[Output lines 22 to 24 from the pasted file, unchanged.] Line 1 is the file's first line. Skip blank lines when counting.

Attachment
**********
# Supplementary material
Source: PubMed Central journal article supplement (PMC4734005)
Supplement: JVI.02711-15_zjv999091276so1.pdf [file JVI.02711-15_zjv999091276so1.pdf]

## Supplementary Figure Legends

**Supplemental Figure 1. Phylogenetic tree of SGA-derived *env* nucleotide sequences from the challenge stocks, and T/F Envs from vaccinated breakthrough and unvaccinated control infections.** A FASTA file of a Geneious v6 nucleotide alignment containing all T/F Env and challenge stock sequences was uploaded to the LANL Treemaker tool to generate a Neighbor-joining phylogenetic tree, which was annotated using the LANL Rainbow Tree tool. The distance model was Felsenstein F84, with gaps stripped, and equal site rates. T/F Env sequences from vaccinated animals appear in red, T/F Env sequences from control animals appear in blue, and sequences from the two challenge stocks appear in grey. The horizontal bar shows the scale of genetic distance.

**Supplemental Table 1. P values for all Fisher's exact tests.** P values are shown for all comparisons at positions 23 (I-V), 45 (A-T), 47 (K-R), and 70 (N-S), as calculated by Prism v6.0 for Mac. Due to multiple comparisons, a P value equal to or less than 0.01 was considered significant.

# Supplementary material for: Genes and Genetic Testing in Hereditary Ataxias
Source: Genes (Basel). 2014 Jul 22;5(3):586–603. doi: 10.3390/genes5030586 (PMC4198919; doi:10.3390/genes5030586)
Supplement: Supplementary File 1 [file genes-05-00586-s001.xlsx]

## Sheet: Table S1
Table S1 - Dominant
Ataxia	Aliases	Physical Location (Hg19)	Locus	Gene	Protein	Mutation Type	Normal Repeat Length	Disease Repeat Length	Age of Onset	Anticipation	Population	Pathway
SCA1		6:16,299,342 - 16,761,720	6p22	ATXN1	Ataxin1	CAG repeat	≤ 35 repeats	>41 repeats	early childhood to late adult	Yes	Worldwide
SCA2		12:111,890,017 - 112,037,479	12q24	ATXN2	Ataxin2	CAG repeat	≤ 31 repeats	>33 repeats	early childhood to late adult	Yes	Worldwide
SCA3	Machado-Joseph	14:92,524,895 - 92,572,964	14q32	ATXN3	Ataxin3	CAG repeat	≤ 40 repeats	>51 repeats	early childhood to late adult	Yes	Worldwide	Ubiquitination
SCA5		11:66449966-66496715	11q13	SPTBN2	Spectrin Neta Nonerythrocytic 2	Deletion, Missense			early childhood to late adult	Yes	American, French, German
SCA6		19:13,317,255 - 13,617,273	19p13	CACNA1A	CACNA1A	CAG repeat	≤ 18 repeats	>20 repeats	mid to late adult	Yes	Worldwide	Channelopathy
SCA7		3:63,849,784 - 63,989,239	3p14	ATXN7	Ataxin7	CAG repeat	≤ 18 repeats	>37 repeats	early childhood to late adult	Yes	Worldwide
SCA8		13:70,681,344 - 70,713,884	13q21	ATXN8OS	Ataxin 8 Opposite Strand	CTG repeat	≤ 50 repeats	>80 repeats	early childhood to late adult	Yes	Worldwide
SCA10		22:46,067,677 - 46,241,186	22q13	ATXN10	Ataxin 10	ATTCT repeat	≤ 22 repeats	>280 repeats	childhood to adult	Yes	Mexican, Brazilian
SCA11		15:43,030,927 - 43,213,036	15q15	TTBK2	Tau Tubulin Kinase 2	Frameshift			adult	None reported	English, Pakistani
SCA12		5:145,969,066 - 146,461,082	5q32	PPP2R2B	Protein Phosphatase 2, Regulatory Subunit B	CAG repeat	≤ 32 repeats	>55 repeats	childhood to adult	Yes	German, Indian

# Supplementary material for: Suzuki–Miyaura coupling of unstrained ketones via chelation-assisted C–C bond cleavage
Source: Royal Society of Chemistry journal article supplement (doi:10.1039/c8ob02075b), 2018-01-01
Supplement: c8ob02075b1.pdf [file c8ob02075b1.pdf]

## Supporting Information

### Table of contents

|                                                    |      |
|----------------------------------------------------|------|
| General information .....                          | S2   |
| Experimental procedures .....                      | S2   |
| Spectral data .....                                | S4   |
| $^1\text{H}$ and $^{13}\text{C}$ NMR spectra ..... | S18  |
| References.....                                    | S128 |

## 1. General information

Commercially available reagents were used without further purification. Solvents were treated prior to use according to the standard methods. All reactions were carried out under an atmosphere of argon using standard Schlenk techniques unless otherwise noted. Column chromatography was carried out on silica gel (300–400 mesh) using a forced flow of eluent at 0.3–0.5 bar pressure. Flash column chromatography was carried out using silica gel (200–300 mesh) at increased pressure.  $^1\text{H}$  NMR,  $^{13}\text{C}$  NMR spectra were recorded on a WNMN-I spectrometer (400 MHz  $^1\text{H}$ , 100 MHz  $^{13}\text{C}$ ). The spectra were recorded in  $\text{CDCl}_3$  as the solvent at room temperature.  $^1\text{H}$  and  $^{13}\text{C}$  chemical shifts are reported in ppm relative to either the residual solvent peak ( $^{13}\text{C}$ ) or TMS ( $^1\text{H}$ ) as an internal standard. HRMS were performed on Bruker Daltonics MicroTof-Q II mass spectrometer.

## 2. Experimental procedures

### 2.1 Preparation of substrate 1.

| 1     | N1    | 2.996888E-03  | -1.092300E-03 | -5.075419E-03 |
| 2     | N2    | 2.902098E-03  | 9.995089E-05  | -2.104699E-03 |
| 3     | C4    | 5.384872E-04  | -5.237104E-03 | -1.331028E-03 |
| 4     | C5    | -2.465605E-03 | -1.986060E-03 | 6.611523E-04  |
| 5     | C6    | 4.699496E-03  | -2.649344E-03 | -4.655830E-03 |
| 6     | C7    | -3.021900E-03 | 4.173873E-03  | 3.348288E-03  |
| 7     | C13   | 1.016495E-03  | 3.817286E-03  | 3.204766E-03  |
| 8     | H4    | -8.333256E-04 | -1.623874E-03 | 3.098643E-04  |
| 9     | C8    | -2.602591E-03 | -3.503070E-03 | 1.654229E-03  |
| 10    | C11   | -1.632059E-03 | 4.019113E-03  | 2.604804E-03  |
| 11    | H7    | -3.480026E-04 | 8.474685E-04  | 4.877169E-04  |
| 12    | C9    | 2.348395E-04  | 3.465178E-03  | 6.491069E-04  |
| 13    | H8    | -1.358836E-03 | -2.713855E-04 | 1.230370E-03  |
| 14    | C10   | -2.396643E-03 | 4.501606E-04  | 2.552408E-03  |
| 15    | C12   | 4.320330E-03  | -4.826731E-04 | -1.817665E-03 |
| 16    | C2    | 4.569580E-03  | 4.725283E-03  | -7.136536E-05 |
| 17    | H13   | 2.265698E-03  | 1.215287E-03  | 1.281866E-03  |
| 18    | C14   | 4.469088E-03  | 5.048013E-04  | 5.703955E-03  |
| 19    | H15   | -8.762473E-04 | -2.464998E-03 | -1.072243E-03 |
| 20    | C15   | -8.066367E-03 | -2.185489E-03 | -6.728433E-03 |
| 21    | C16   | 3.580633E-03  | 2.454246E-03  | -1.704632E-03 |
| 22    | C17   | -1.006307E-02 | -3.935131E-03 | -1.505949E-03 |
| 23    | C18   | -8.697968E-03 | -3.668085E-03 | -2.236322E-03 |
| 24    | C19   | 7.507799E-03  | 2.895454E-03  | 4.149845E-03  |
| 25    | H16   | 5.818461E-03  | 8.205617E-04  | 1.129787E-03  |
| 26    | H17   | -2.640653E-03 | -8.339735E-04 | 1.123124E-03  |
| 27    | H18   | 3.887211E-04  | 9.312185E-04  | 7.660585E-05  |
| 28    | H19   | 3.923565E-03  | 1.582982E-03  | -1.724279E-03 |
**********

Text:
SCA12		5:145,969,066 - 146,461,082	5q32	PPP2R2B	Protein Phosphatase 2, Regulatory Subunit B	CAG repeat	≤ 32 repeats	>55 repeats	childhood to adult	Yes	German, Indian

# Supplementary material for: Suzuki–Miyaura coupling of unstrained ketones via chelation-assisted C–C bond cleavage
Source: Royal Society of Chemistry journal article supplement (doi:10.1039/c8ob02075b), 2018-01-01